Household Consumption and the Emissions We Generate


The European Environment Agency has released a report studying “Environmental pressures from European consumption and production”. At 124 pages of “environmentally extended input-output analysis”, it isn’t exactly casual reading for your next beach holiday. They have, however, some quite interesting stuff in there. On the production side, the report mentions the EU climate objective of 80-95% reduction in greenhouse gas emissions by 2050.

We Must Change What We Consume

They make the interesting point that regardless of the structural changes we make to the production side of our economy they will only have global environmental benefits if we have an equivalent change in the products we consume.  The reason is simple. If we don’t change our consumption, then environmental pressure-intensive industries will shift outside the EU but we will still import their products. We’ll do as much damage and possibly more (if we consider the possibility that production may shift to regions with less stringent environmental standards). So the consumption side of our economy is important. That makes each of us, as consumers, important which is why it interests us here at Green Business Watch.

Four product groups were found to be major sources of environmental pressures.  These are:

  • Construction works
  • Food products
  • Products of agriculture, forestry and fisheries
  • Electricity, gas and water services

Together these 4 represent only 17% of consumption expenditure but they contribute 42% of GHG emissions, 52% of acidifying emissions, 37% of ground ozone precursors and 57% of material input. I’m not even going to pretend to know what all of those figures mean except to say that these product groups have much higher numbers on the environmental impact side than they do as a percentage of our consumption spending. They are environmental pressure-intensive.  To put it another way, for every Pound we spend, these are the areas that do the most environmental damage.

The report highlights another 7 product groups

  • wholesale and retail services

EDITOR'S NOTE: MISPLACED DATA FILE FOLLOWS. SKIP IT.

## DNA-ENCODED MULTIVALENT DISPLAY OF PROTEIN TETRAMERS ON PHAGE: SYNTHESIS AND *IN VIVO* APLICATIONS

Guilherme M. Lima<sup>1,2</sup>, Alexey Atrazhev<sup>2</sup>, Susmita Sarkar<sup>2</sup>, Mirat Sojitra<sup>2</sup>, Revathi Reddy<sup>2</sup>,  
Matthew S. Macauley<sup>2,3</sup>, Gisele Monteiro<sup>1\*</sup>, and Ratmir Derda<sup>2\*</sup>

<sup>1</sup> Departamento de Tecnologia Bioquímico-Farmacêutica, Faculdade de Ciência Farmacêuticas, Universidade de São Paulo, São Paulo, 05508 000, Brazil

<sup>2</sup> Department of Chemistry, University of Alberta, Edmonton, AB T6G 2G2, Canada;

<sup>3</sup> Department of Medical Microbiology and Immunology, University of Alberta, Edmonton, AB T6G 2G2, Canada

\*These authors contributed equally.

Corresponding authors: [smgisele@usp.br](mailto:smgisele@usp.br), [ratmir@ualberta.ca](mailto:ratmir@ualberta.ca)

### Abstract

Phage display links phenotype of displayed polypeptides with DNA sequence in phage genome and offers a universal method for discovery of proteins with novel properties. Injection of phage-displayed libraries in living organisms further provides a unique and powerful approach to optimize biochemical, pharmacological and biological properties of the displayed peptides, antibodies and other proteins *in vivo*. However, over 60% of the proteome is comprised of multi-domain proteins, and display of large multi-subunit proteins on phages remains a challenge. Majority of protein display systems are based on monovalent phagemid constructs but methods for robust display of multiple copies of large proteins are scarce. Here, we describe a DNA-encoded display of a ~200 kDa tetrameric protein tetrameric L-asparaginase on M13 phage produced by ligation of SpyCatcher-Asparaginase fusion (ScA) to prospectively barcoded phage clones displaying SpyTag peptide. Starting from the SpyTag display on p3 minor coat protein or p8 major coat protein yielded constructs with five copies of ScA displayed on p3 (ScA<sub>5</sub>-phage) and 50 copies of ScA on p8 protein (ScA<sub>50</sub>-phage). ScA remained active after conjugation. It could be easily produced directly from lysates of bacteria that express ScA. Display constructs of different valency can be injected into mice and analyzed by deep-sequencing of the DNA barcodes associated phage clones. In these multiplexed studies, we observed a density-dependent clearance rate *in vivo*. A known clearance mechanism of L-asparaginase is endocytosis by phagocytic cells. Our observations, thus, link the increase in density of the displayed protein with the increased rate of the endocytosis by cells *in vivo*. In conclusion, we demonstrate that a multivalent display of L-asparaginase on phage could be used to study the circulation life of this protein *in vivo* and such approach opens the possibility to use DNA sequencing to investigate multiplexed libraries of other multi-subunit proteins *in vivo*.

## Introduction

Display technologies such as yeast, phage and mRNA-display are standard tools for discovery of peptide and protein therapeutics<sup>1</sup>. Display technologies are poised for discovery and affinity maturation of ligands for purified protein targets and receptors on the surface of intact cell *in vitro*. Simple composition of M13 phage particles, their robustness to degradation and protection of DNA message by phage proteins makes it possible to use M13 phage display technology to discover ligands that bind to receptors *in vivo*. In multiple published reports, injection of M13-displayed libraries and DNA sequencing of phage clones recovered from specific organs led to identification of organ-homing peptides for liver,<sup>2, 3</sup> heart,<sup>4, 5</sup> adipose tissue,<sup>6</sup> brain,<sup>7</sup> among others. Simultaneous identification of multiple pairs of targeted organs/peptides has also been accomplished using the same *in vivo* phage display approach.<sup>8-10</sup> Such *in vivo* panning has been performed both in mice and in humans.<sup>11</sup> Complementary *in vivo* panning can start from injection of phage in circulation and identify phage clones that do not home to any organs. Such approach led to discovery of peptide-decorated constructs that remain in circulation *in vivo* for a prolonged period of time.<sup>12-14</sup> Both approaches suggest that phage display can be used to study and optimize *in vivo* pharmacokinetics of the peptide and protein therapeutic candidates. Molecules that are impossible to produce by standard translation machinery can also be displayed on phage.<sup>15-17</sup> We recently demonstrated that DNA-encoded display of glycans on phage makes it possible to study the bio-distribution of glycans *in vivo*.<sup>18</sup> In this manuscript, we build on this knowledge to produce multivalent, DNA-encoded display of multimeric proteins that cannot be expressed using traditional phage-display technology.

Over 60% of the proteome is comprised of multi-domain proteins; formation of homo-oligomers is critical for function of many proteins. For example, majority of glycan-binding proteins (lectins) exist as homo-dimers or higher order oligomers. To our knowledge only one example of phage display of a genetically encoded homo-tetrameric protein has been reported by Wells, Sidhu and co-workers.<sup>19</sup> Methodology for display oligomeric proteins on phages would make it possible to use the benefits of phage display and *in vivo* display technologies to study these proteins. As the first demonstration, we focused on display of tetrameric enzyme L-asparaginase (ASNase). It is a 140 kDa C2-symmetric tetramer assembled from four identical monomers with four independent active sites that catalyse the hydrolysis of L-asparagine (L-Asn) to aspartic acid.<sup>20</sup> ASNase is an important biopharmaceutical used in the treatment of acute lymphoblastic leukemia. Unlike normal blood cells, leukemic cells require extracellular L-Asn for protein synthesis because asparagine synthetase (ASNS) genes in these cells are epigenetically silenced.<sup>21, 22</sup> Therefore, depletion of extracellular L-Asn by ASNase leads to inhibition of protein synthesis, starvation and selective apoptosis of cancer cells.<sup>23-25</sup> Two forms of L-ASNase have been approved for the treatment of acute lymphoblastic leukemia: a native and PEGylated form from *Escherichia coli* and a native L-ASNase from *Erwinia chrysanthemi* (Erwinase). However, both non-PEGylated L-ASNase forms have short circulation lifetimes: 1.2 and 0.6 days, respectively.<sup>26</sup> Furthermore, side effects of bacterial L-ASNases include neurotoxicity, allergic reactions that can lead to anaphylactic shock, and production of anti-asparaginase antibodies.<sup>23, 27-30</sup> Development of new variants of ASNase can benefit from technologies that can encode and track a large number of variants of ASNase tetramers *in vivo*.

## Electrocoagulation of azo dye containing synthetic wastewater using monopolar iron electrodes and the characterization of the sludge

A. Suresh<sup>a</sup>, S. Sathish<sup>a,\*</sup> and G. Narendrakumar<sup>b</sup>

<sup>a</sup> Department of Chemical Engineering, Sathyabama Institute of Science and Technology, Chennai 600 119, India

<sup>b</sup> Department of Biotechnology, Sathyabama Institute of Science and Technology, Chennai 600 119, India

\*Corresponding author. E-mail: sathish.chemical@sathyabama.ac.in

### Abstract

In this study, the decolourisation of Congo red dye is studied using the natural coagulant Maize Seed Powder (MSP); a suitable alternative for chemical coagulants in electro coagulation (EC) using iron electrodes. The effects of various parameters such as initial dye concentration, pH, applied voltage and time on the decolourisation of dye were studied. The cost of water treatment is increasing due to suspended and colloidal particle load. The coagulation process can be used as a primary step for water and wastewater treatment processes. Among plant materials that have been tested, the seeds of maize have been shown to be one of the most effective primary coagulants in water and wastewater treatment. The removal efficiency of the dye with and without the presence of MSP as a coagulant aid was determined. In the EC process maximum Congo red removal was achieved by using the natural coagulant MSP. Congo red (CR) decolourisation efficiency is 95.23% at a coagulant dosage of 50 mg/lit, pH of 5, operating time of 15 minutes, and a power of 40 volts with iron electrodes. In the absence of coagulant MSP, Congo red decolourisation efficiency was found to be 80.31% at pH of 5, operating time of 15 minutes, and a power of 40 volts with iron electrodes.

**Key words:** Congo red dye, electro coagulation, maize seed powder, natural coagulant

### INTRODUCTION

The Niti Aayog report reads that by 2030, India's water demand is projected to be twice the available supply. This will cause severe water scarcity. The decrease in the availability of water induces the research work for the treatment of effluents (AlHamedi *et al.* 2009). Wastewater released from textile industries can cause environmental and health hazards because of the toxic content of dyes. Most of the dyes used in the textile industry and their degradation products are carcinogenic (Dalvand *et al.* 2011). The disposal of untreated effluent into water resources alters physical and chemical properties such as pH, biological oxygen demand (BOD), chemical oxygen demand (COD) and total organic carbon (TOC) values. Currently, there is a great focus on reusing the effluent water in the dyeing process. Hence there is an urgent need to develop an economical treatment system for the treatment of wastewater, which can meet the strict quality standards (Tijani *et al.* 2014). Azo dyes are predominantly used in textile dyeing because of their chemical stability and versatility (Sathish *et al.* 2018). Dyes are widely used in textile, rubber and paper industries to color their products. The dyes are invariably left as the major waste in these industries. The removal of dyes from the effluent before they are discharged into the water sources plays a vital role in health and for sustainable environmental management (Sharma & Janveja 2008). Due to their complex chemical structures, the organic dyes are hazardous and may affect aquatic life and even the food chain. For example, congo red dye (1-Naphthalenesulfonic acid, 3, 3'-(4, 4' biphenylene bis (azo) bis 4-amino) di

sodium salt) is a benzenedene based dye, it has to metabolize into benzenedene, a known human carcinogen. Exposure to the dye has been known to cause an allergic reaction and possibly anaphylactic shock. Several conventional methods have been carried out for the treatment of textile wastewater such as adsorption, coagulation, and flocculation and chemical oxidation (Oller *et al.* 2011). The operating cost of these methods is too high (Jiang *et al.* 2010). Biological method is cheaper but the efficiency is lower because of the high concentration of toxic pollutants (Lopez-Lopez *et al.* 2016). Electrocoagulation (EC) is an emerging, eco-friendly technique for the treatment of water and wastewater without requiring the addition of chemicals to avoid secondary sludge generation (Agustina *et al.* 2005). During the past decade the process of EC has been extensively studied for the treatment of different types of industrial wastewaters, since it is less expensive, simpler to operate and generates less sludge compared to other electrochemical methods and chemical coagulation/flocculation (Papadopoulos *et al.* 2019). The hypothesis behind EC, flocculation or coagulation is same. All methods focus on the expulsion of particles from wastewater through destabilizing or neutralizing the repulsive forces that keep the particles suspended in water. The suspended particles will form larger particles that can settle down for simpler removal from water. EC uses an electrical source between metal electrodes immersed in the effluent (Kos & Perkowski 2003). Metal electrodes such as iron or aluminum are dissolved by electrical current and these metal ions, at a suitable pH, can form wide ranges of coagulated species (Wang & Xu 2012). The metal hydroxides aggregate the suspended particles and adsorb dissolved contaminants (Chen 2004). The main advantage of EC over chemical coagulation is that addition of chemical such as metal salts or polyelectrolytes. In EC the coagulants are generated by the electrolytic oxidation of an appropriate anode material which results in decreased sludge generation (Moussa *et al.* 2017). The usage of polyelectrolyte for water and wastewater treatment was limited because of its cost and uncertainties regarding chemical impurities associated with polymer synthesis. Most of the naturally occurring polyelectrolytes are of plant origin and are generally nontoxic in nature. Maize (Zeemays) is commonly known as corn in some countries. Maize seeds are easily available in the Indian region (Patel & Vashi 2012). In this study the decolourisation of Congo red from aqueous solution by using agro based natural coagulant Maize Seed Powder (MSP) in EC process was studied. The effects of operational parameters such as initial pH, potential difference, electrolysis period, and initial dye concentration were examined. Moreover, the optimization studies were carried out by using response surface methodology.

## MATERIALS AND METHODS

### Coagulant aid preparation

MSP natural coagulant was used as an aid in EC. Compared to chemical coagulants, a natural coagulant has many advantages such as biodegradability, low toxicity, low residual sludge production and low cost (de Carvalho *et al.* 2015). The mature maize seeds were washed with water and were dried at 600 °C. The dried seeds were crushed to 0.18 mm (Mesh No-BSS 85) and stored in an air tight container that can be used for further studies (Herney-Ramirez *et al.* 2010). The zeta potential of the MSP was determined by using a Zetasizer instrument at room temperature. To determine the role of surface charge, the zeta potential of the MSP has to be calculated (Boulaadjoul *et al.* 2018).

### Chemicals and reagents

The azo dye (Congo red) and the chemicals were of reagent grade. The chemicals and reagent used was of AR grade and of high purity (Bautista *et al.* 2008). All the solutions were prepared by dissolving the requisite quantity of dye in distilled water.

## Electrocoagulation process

• motor vehicles and other transport equipment
  • hotel and restaurant services
  • transport and auxiliary transport services
  • coke and refined petroleum
  • health and social work
  • public administration, defence and social security services

Together these account for a further 30-40% of environmental pressures from consumed products. They also account for a 42% share of  consumption expenditure however so they are less pressure-intensive.

Our households directly contribute around 20% of environmental pressures and this is mainly in the fuel consumed in our vehicles and to heat our houses. On top of this, however, most final products end up in households and private household consumption represents 55% of total national consumption.

How does our household consumption break down and how does it affect emissions?


To help us understand the importance of our consumption and the decisions we make for our households, here is the section on Greenhouse Gas Emissions:

“The average per capita GHG emissions associated with consumption in the 9 EU Member States in 2005 were just under 12 tonnes CO2‑ equivalents — 4 to 5 times the estimated global per capita average which would keep global temperature rise to within the critical 2 °C target set by the Copenhagen Accord.

“Of this total, nearly 2.5 tonnes are emitted directly by private households through the combustion of fossil fuels for transport (around 43 %), and directly in the home for space heating and hot water and other purposes (around 57 %) (41). The remaining 9.4 tonnes are embodied in finally consumed products according to the proportions given in the second bar down in Figures 4.1 and 4.2. The most important product with respect to GHG emissions is electricity, followed by food and beverages and construction works.”

There is lots of interesting stuff in the report if you are up to 124 pages of research but here are a few things we took from it.

Regardless of structural changes in the economy and production, we will need to change what we consume (and how it is produced) if emissions are to be reduced. A large chunk (2.5 tonnes) of the CO2 our households generate is in fuel for transport and fuel for space heating. Even more (9.4 tonnes) is embodied in the products and services that we consume. Top of the list for reducing the carbon impact of our consumer decisions are these:

  • Electricity
  • Food and beverages
  • Construction works

So now that we know where the damage is being done, let’s get to work on changing what we buy.

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